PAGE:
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Legal powers against anti-social behaviour
What is anti-social behaviour?
Anti-social behaviour (ASB) is a broad term used to describe day to day incidents of crime, nuisance and disorder that makes people’s lives a misery – from litter and vandalism, to public drunkenness or aggressive dogs, noisy or abusive neighbours.
Such a wide range of behaviours means that responsibility for dealing with ASB is shared between a number of organisations, particularly the police, local authorities and registered providers (RPs) like Magna Housing.
What are the legal powers?
In 2014, the ASB Crime & Policing Act came into force. Its aim was to introduce simpler and more effective powers to tackle ASB and to provide better protection for victims and communities.
The Act includes six powers. We are able to apply for some of these powers, with the police and local councils taking responsibility for the majority of the others such as:
- Criminal Behaviour order – this is issued by a criminal court against a person who has been convicted of an offence and is causing ASB
- Dispersal Power – this allows police officers to issue orders to a person who is causing alarm or distress to leave a specific area for up to 48 hours
- Community Protection Notice- your council or local police can issue this notice for a wide range of problems such as messy gardens, littering and noise nuisance
- Public Spaces Protection Order- this is an order obtained by your local council to protect a public area to prevent nuisance eg ensuring dogs are walked on a lead in a public park, or preventing begging in a high street
- Closure Power- this is a court order which closes down premises that are causing nuisance and disorder. The police or your council apply for this.
We work with other organisations to achieve the best results we can for victims of antisocial behaviour.
The Civil Injunction power was introduced in March 2015 and replaced anti-social behaviour injunctions (ASBIs) and anti-social behaviour orders (ASBOs).
An injunction will be granted by a court if they are satisfied that the behaviour is causing a ‘nuisance or annoyance’ to neighbours or the community, and that it is just and convenient in order to prevent the anti-social behaviour.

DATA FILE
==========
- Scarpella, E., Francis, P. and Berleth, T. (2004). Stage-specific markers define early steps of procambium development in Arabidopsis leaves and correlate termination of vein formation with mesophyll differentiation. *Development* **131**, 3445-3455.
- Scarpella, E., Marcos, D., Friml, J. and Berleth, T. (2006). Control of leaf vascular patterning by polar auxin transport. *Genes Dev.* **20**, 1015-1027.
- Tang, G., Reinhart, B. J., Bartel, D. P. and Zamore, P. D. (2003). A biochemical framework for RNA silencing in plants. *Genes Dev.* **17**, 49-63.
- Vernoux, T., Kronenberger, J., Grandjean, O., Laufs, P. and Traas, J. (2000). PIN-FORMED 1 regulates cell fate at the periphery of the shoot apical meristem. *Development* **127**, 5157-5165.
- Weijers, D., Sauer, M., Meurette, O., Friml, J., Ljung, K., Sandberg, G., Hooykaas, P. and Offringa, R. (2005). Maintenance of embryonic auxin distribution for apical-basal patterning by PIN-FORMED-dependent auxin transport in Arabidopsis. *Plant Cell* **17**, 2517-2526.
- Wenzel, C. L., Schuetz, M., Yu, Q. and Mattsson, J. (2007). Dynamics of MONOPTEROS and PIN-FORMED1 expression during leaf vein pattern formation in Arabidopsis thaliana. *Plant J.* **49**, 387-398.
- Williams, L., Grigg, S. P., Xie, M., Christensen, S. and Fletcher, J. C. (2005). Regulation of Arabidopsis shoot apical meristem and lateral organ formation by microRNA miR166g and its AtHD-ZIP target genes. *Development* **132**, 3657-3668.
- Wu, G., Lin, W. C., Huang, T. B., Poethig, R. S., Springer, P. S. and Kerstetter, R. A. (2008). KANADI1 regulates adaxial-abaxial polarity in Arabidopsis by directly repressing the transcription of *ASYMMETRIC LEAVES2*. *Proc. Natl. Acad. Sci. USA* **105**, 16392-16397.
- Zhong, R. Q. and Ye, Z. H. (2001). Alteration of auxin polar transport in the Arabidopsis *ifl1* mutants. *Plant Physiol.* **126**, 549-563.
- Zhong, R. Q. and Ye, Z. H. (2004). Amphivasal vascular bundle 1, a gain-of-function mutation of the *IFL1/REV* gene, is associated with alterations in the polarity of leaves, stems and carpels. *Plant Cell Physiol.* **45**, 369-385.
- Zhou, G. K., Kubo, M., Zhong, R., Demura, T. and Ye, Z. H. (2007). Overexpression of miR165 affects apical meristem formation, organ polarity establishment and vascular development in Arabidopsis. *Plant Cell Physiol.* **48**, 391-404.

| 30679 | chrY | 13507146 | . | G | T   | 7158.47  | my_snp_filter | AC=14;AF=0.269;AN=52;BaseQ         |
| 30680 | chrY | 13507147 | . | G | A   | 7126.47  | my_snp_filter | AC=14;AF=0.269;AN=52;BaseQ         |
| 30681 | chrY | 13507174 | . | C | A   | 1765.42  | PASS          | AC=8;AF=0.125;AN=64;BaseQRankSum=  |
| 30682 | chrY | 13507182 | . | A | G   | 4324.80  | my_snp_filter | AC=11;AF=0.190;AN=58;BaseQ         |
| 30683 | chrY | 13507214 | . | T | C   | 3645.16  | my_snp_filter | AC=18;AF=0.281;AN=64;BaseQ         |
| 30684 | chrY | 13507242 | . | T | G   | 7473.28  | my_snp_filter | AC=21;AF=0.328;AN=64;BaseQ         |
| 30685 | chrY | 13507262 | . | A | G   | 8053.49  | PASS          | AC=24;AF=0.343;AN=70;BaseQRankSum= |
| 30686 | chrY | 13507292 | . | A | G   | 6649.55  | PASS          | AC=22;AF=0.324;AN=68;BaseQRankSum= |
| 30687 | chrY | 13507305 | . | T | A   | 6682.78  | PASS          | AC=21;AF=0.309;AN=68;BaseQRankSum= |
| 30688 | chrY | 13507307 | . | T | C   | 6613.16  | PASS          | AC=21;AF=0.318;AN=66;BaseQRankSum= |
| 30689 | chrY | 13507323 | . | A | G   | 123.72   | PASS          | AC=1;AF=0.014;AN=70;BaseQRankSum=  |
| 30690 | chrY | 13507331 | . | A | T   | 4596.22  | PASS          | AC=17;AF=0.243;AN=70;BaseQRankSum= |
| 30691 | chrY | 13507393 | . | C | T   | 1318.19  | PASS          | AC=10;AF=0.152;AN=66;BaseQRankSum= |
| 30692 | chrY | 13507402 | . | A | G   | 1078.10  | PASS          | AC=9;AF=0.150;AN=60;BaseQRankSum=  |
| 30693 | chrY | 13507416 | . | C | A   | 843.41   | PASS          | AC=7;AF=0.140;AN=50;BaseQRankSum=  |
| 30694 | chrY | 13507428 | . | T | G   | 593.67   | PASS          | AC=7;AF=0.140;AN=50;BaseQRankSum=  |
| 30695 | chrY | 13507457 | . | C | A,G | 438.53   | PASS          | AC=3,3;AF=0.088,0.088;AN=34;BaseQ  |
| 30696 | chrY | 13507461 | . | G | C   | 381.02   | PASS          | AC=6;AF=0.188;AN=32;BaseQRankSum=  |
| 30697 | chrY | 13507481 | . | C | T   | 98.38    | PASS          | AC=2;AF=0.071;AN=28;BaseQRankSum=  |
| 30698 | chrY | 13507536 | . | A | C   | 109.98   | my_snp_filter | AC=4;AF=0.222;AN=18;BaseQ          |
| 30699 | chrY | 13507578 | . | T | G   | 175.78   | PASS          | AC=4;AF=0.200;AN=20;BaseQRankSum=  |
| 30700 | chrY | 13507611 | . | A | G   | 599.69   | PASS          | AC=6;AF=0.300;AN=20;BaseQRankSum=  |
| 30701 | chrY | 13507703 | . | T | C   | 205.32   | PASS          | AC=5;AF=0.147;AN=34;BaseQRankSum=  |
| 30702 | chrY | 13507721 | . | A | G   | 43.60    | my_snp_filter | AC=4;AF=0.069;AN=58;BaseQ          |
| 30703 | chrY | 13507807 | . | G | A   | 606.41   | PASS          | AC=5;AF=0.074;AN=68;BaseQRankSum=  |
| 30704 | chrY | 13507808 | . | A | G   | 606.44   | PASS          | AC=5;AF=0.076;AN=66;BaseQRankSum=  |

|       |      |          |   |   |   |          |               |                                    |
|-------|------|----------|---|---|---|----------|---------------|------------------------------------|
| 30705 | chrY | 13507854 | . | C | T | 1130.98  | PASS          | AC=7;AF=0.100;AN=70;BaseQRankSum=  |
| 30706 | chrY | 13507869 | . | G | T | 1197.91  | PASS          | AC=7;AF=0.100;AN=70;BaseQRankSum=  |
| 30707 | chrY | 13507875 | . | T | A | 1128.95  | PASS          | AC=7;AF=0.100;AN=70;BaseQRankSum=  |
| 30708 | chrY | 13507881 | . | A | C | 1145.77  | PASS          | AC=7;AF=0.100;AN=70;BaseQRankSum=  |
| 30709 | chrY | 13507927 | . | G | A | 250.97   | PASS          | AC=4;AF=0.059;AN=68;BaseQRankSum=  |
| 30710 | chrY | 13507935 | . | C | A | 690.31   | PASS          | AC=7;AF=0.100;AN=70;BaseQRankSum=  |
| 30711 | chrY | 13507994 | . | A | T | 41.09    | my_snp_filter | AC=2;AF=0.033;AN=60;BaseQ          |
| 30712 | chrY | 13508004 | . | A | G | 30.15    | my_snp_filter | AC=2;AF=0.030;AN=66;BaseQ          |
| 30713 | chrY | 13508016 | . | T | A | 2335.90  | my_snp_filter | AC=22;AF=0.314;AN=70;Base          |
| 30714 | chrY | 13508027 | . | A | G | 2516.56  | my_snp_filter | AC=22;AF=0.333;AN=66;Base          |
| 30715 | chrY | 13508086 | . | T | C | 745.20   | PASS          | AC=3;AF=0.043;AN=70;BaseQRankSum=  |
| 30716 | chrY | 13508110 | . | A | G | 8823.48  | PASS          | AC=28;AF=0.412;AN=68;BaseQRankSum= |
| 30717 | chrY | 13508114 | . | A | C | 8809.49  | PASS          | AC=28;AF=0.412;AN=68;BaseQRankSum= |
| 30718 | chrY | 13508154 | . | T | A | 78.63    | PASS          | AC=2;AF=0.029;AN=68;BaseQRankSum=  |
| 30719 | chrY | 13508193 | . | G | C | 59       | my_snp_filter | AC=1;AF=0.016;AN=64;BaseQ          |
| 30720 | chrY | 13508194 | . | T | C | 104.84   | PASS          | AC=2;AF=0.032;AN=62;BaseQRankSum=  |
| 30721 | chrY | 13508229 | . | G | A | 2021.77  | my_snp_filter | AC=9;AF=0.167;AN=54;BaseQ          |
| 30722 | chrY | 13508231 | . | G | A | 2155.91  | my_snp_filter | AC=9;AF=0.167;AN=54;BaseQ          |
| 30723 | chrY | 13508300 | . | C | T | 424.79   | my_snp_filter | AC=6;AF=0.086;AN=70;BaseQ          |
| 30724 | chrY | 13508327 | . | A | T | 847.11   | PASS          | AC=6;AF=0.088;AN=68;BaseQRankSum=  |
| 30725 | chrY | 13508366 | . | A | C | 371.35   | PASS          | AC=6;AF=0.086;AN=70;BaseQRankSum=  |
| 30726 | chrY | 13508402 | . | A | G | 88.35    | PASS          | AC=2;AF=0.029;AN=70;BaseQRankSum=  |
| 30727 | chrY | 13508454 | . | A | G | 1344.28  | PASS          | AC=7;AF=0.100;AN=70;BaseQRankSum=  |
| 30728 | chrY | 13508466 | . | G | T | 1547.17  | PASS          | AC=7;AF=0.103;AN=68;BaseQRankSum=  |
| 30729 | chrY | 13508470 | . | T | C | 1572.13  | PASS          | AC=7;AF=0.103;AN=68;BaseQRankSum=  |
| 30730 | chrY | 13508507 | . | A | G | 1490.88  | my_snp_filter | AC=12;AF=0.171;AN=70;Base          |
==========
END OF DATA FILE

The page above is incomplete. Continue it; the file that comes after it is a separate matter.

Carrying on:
The injunction can be used where a perpetrator has allowed another person to engage in ASB, so it can be used against family members, lodgers or visitors to an address, not just the tenant.
This new injunction also introduced the option for courts to tell the offender they had to do something specific to try to change their behaviour, for example, attend a drug counselling course or parenting sessions.
New Possession (eviction) powers
The new legislation also introduced five mandatory (compulsory) conditions under which landlords can apply to evict a tenant who has been causing ASB. The tenant must have been:
- Convicted of a serious criminal offence
- Found by a court to have breached an Injunction obtained under the new legislation
- Convicted of a breach of a Criminal Behaviour Order
- Convicted of a breach of a noise abatement notice
For this to apply, the offence or ASB must have been committed either at their home or in the area around their home. It must also have affected a person who lives in the locality.
If a tenant’s property has been closed under a closure order obtained under the new legislation, this is also a mandatory ground for possession.
The new changes to the eviction powers can therefore have serious consequences for those tenants whose behaviour is extreme enough or us to seek an Injunction against them. Not only does it mean that a court has powers to impose things that a tenant has to do as well as not do, if the injunction is breached then a judge has no option but to also give Magna Housing possession of the property back.